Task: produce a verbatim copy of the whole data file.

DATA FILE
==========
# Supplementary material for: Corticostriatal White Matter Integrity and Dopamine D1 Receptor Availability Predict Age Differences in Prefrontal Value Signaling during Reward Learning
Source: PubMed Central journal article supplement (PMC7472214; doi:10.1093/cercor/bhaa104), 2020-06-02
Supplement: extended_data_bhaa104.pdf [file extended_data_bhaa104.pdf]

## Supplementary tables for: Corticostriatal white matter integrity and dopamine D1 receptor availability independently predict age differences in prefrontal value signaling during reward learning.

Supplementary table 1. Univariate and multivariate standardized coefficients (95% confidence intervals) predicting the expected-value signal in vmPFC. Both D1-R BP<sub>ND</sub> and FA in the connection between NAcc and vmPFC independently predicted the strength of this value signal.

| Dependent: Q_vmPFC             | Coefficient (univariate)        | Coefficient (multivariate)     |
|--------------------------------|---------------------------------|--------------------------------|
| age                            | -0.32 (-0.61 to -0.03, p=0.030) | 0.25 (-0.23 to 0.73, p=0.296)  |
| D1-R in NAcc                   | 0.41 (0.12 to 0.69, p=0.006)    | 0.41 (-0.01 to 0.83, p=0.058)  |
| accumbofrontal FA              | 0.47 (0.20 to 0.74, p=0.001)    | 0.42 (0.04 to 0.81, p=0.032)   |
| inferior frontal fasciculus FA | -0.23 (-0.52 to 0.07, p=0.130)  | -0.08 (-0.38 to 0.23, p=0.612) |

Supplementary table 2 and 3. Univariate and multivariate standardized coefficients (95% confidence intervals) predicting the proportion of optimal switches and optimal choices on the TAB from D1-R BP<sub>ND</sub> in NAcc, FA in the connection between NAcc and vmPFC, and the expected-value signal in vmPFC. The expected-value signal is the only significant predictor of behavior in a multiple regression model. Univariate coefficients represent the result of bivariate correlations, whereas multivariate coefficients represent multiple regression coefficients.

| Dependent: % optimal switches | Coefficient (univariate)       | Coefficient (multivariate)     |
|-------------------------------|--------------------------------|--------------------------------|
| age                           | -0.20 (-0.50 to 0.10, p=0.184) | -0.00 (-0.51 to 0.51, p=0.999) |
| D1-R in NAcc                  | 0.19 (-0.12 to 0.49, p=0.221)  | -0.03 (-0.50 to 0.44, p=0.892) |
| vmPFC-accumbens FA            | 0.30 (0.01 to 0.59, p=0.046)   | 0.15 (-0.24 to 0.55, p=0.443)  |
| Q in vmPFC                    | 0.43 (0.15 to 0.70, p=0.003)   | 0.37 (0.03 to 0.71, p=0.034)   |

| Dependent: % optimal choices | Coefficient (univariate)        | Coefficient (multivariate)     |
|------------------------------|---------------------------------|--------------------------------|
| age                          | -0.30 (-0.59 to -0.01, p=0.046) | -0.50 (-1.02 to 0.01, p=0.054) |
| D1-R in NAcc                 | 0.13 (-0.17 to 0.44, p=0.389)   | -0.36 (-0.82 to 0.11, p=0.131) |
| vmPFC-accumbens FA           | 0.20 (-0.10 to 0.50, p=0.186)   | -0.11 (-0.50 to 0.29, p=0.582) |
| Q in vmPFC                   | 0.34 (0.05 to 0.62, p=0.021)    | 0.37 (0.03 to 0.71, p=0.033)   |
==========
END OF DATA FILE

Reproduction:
# Supplementary material for: Corticostriatal White Matter Integrity and Dopamine D1 Receptor Availability Predict Age Differences in Prefrontal Value Signaling during Reward Learning
Source: PubMed Central journal article supplement (PMC7472214; doi:10.1093/cercor/bhaa104), 2020-06-02
Supplement: extended_data_bhaa104.pdf [file extended_data_bhaa104.pdf]

## Supplementary tables for: Corticostriatal white matter integrity and dopamine D1 receptor availability independently predict age differences in prefrontal value signaling during reward learning.

Supplementary table 1. Univariate and multivariate standardized coefficients (95% confidence intervals) predicting the expected-value signal in vmPFC. Both D1-R BP<sub>ND</sub> and FA in the connection between NAcc and vmPFC independently predicted the strength of this value signal.

| Dependent: Q_vmPFC             | Coefficient (univariate)        | Coefficient (multivariate)     |
|--------------------------------|---------------------------------|--------------------------------|
| age                            | -0.32 (-0.61 to -0.03, p=0.030) | 0.25 (-0.23 to 0.73, p=0.296)  |
| D1-R in NAcc                   | 0.41 (0.12 to 0.69, p=0.006)    | 0.41 (-0.01 to 0.83, p=0.058)  |
| accumbofrontal FA              | 0.47 (0.20 to 0.74, p=0.001)    | 0.42 (0.04 to 0.81, p=0.032)   |
| inferior frontal fasciculus FA | -0.23 (-0.52 to 0.07, p=0.130)  | -0.08 (-0.38 to 0.23, p=0.612) |

Supplementary table 2 and 3. Univariate and multivariate standardized coefficients (95% confidence intervals) predicting the proportion of optimal switches and optimal choices on the TAB from D1-R BP<sub>ND</sub> in NAcc, FA in the connection between NAcc and vmPFC, and the expected-value signal in vmPFC. The expected-value signal is the only significant predictor of behavior in a multiple regression model. Univariate coefficients represent the result of bivariate correlations, whereas multivariate coefficients represent multiple regression coefficients.

| Dependent: % optimal switches | Coefficient (univariate)       | Coefficient (multivariate)     |
|-------------------------------|--------------------------------|--------------------------------|
| age                           | -0.20 (-0.50 to 0.10, p=0.184) | -0.00 (-0.51 to 0.51, p=0.999) |
| D1-R in NAcc                  | 0.19 (-0.12 to 0.49, p=0.221)  | -0.03 (-0.50 to 0.44, p=0.892) |
| vmPFC-accumbens FA            | 0.30 (0.01 to 0.59, p=0.046)   | 0.15 (-0.24 to 0.55, p=0.443)  |
| Q in vmPFC                    | 0.43 (0.15 to 0.70, p=0.003)   | 0.37 (0.03 to 0.71, p=0.034)   |

| Dependent: % optimal choices | Coefficient (univariate)        | Coefficient (multivariate)     |
|------------------------------|---------------------------------|--------------------------------|
| age                          | -0.30 (-0.59 to -0.01, p=0.046) | -0.50 (-1.02 to 0.01, p=0.054) |
| D1-R in NAcc                 | 0.13 (-0.17 to 0.44, p=0.389)   | -0.36 (-0.82 to 0.11, p=0.131) |
| vmPFC-accumbens FA           | 0.20 (-0.10 to 0.50, p=0.186)   | -0.11 (-0.50 to 0.29, p=0.582) |
| Q in vmPFC                   | 0.34 (0.05 to 0.62, p=0.021)    | 0.37 (0.03 to 0.71, p=0.033)   |